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Is there only one car worthy of our compliments this year? Should we not expect cars – those priced high above the average consumer’s spending ability – to be great, able to sell without our recommendation? Are the only cars worth recommending brand new designs? Are we to recommend cars suitable only for the budgets of residents in Malibu Hills?

No. Yes. No. No.

What cars should The Good Car Nation be seen driving in 2008? Specifically, the twelve cars which will be introduced, one car per day, on December 20th until December 31st. Beyond the points raised in question form ↑, understand this, as well. The newly licensed may yearn for a fast convertible, but insurance rates disallow any sating of that appetite. On the other hand, a family of five could be in desperate need of saving coin, but they need space. Space costs money.

Thus, despite the fact that The Good Car Guy would willingly give place to six luxury sports sedans, there would be no sense in that. GoodCarBadCar refuses to suggest that the populace be seen driving small Benz’s, Bimmer’s, Audi’s when there are excellent, inexpensive, small cars ripe for the buyin’.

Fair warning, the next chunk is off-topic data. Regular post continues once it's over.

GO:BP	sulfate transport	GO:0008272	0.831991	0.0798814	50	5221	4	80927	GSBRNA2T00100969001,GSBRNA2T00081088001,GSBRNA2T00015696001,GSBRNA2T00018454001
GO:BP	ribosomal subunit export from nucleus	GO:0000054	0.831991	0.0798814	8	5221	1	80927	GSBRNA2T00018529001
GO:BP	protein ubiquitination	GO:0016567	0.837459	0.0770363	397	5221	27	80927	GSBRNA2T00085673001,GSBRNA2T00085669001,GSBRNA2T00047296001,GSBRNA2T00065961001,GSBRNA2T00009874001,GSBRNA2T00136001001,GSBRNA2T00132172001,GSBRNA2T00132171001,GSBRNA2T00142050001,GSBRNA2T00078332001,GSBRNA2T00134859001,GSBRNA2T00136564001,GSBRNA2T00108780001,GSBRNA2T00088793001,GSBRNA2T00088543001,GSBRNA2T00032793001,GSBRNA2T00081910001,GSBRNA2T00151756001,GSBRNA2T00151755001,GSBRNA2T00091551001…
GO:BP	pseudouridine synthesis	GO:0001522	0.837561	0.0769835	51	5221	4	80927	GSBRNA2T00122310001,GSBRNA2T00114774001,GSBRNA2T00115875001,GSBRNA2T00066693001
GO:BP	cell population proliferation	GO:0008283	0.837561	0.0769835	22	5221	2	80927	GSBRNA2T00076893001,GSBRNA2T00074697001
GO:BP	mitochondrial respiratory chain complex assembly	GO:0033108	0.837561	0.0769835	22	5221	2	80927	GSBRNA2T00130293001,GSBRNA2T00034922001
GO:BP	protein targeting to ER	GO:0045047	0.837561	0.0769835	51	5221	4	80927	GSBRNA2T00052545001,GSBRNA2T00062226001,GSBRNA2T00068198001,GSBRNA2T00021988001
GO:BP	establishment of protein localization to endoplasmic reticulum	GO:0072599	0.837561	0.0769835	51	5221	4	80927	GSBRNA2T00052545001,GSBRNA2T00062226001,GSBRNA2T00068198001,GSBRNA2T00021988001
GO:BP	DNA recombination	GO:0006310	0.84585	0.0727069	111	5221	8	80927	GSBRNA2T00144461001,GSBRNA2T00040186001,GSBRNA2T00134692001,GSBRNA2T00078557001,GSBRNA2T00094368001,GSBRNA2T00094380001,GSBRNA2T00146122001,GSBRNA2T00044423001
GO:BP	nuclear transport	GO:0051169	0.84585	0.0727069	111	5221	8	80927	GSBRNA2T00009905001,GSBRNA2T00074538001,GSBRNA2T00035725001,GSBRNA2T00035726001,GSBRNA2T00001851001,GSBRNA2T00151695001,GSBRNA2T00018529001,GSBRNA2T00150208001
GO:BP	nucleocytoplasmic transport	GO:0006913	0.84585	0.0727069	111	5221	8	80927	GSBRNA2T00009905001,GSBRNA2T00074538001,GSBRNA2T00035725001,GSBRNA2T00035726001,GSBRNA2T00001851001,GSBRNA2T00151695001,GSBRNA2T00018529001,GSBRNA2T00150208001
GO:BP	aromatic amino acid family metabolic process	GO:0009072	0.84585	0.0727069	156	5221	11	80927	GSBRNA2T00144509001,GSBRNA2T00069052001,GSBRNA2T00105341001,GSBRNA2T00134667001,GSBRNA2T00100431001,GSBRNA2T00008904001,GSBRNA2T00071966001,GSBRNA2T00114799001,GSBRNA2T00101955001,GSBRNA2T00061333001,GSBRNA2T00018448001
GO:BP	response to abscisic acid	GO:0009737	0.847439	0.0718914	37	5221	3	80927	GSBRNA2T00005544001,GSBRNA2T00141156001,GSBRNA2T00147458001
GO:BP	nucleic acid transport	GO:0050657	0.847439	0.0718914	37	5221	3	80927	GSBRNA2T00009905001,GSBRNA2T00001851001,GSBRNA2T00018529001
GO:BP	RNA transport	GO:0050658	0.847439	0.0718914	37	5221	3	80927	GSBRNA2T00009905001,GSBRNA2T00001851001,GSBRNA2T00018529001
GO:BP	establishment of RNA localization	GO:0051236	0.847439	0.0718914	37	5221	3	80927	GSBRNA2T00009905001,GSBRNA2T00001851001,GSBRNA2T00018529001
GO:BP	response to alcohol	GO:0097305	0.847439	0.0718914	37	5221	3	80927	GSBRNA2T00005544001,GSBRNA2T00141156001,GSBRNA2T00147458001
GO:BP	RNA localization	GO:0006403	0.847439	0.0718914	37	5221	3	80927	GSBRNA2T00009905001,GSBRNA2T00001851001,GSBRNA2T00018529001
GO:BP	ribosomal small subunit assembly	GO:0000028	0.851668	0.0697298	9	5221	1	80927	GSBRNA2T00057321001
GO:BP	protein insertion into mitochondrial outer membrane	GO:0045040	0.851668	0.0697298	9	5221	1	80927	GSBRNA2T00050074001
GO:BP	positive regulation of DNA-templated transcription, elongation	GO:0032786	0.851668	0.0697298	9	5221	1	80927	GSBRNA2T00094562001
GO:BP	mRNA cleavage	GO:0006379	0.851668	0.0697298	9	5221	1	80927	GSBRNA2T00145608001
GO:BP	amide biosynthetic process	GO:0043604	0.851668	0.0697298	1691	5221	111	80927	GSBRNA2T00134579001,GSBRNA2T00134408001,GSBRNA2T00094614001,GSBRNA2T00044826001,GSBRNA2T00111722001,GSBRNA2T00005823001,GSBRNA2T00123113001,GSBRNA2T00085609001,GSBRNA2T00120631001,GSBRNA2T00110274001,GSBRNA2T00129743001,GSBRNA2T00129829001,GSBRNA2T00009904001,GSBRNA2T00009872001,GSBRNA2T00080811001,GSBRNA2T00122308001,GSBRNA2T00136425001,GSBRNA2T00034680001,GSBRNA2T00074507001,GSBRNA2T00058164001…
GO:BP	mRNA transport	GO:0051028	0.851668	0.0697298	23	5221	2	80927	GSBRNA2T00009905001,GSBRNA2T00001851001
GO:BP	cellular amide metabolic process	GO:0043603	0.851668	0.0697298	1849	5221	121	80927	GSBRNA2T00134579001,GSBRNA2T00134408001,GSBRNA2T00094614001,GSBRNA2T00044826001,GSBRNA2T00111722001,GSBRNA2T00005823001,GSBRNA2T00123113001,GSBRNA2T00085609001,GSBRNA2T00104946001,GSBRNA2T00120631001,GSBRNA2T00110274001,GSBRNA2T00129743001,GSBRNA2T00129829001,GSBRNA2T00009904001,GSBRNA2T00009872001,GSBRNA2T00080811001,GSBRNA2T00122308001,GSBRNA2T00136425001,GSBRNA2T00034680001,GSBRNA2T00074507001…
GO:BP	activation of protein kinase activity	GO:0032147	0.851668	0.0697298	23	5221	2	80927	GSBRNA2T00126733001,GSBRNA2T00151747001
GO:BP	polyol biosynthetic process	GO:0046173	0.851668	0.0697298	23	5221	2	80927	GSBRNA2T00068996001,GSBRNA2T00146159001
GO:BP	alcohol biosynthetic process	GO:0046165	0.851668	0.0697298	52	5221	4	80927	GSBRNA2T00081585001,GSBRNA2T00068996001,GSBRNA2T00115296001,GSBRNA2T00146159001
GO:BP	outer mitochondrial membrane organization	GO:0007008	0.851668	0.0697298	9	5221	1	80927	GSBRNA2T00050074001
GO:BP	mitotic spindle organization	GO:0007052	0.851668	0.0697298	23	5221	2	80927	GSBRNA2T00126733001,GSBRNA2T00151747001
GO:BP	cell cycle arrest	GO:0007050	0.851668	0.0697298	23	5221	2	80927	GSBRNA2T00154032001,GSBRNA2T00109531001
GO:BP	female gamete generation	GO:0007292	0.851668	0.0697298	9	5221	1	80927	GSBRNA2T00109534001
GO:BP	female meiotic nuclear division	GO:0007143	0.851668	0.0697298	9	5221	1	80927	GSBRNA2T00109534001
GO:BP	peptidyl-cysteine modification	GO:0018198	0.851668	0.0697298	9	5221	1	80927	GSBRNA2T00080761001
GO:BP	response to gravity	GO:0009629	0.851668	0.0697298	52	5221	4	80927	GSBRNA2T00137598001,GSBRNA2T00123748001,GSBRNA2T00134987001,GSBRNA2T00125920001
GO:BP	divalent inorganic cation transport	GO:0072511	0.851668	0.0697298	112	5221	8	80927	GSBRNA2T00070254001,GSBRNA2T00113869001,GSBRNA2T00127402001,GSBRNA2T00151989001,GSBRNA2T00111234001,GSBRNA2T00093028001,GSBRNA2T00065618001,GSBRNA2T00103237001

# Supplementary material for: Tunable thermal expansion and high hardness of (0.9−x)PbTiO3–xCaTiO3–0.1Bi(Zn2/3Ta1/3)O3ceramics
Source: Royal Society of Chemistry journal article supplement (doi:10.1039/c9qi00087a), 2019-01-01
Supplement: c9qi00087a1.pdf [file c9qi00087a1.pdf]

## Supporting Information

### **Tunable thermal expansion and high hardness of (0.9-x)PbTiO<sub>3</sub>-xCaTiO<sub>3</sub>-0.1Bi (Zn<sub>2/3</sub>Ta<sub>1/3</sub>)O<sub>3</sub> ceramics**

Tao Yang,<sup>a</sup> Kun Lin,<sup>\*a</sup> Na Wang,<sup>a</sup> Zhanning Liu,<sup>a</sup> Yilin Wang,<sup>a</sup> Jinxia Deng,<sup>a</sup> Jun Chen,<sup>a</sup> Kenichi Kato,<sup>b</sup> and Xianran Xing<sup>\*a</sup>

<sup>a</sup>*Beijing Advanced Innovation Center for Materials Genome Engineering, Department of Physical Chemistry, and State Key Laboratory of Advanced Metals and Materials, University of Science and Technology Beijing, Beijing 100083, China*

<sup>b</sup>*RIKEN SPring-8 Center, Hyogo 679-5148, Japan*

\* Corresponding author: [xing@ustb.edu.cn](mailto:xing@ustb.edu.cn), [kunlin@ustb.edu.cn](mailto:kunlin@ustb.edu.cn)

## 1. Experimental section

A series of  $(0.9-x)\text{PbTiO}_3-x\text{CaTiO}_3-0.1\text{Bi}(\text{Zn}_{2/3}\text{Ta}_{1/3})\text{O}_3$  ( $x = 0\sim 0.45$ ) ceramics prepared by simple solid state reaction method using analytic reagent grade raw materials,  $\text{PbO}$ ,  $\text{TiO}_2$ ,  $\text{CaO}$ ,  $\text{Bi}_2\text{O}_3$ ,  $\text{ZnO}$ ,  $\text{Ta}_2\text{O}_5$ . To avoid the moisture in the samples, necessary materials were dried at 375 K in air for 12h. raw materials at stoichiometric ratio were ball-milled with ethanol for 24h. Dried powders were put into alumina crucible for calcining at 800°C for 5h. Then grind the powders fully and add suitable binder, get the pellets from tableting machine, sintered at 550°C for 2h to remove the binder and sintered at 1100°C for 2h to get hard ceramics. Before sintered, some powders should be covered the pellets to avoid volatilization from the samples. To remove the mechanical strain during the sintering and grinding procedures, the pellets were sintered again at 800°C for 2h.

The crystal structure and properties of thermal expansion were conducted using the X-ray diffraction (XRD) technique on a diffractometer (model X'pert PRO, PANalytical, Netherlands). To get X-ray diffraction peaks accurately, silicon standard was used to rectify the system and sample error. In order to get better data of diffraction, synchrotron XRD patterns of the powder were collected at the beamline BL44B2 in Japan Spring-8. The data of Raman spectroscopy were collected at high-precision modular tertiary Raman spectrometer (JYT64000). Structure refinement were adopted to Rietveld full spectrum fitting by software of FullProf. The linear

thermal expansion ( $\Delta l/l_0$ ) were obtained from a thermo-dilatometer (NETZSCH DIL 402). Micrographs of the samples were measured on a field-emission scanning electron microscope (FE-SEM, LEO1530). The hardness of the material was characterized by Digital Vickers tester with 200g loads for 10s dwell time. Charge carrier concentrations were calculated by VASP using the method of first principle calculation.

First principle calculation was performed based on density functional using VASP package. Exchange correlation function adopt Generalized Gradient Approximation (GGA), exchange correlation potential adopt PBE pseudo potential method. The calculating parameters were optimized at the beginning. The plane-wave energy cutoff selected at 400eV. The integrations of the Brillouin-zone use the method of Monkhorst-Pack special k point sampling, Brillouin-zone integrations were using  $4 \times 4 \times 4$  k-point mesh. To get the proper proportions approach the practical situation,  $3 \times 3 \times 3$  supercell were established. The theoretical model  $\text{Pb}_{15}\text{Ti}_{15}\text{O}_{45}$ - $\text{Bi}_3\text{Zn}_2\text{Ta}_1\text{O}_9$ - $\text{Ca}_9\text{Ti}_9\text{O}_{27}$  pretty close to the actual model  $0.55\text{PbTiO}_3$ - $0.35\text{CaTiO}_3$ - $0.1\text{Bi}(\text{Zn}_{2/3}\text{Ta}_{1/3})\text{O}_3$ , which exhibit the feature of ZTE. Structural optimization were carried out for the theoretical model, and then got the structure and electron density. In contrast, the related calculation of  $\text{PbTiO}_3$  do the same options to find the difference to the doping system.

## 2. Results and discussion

Because of this, GoodCarBadCar will showcase vehicles in The Good 12 suitable for a wide swathe of the populace. He who needs a 7-seat, boat-towing ute cares not one whit about small city cars, but can – or at least should – understand that a small city car could be perfect for somebody else. The most expensive car on the list starts well under $50K, although The Good Car Guy was willing to spend up to $72K, about 2.5x the value of the average new American car.

All twelve are cars – vans, SUV’s, crossovers, and trucks come later. The Good 12 winners will debut alphabetically. Be aware: more than half of The Good 12 hail from Europe and one-third from Asia. You do the math.

To learn more about who’s behind the selection process, click here. The Impact Cars of 2007 is also a definite recommended read.